Now this is a hard-core mech simulator.. yes, a simulator. Proudly bearing a $200 price tag, if you're a fan of mech combat don't worry, those two c-notes are definitely being put to good use. To play the game, or better yet, to take part of this mech simulator, you'll have to come to grips with a 3 foot, 40 button behemoth of a controller, complete with foot pedals. Its obviously daunting, but what other game gets this close to realizing your dream of being at the helm of a giant, lumbering walking tank? The controller even comes with a windshield wiper button to wipe away mud and other debris. To add even more to the realism, when your mech suffers enough damage and is about to explode, you have to press the eject button on the controller to avoid losing your data save. Yes, if you go down with the ship, so does your game save. The game demands the player to know every minute detail of your mech, everything from the usual armor and weapons to how fast it can go and its handling so it doesn't tip over from going too fast. Yes, the game costs $200, and yes, you'll have to press a windshield wiper button, but its totally worth the money and time needed to experience the most realistic portrayals of mech combat... ever.
As if there could be any other. Filled to the absolute brim with wildly imaginitive character and mech design(called Orbital Frames here), this game is a giant robot lover's dream. Character and mechanical designer Yoji Shinkawa has outdone himself with this series, the mech designs are so alive and brilliant they practically steal the show from the human characters! From the player-controlled Jehuty to the completely and utterly awesome enemy Orbital Frame Anubis, each seems to have their own personality, enough to be considered characters themselves. The gameplay is also outstanding, featuring fast-paced, high-speed action accented with a beautiful art design, its no wonder why this game is critically acclaimed. If you have any sort of love or appreciation of mechs, you owe it to yourself to try out Hideo Kojima's masterpeice game... you won't be disappointed.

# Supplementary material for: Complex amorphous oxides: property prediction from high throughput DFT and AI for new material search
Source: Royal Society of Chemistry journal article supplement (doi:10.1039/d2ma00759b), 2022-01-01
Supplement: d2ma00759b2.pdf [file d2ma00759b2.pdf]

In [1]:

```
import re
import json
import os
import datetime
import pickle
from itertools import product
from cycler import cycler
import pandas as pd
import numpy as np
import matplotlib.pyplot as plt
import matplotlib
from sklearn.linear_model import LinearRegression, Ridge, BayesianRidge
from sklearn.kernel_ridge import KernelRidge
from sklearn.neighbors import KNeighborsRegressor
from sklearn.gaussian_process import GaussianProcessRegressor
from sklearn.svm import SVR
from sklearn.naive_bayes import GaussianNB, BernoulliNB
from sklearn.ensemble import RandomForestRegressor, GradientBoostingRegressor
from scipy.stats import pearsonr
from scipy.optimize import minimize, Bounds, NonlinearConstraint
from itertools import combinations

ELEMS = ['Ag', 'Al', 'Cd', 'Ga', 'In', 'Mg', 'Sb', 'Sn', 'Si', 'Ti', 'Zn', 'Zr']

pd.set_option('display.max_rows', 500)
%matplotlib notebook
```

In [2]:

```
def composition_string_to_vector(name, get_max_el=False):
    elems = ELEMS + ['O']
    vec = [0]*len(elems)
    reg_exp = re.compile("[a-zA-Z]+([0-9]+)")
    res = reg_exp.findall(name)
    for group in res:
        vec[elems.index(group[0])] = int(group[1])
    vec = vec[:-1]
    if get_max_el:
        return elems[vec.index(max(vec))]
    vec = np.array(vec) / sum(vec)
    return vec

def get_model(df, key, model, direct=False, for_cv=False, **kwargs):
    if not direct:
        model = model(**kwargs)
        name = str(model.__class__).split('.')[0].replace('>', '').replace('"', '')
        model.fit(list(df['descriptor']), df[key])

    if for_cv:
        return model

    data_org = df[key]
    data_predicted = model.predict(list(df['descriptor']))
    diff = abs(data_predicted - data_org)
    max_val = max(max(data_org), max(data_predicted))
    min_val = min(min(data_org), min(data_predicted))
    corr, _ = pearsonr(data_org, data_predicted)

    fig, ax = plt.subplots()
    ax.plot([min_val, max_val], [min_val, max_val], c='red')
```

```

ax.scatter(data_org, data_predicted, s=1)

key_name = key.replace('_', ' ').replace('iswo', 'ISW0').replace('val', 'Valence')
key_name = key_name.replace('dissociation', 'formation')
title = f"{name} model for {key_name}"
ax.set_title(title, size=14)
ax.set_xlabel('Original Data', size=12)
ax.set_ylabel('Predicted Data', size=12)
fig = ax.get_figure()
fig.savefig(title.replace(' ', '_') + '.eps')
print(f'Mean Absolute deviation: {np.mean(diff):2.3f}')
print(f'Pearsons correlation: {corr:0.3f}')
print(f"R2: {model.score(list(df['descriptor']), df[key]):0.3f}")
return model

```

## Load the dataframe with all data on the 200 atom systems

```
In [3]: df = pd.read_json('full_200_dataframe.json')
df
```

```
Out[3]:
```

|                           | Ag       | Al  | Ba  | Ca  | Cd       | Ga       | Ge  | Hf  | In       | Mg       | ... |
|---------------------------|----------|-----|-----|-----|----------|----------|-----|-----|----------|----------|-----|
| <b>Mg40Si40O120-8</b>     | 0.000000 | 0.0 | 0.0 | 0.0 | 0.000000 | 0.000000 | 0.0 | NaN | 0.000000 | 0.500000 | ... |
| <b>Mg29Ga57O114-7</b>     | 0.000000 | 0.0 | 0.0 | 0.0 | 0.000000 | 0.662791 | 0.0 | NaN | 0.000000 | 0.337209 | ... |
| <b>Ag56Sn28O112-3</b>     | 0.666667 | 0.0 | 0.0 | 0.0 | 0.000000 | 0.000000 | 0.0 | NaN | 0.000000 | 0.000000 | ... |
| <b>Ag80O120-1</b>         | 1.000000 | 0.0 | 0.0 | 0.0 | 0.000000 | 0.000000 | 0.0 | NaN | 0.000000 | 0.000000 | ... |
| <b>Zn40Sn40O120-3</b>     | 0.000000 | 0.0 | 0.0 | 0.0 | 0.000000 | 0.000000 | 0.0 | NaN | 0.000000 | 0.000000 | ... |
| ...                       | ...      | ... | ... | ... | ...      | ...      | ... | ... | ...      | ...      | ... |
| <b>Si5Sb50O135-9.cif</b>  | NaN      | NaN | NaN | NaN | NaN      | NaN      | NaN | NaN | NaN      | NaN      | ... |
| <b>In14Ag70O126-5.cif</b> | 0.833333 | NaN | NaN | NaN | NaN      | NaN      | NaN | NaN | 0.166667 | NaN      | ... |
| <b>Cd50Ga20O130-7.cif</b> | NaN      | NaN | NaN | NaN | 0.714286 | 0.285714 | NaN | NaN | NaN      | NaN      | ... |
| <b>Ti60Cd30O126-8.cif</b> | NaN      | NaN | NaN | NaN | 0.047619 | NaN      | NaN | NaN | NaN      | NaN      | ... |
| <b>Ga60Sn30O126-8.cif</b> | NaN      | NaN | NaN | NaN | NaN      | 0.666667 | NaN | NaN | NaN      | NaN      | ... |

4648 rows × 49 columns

Whew, that was a long read, well atleast now you have an understanding on why mecha can take a normal, boring old game, and turn it up to 10. What else is there to say; giant robots causing mass destruction and property damage can make anyone smile.
List by DasBoot2021 (02/21/2007)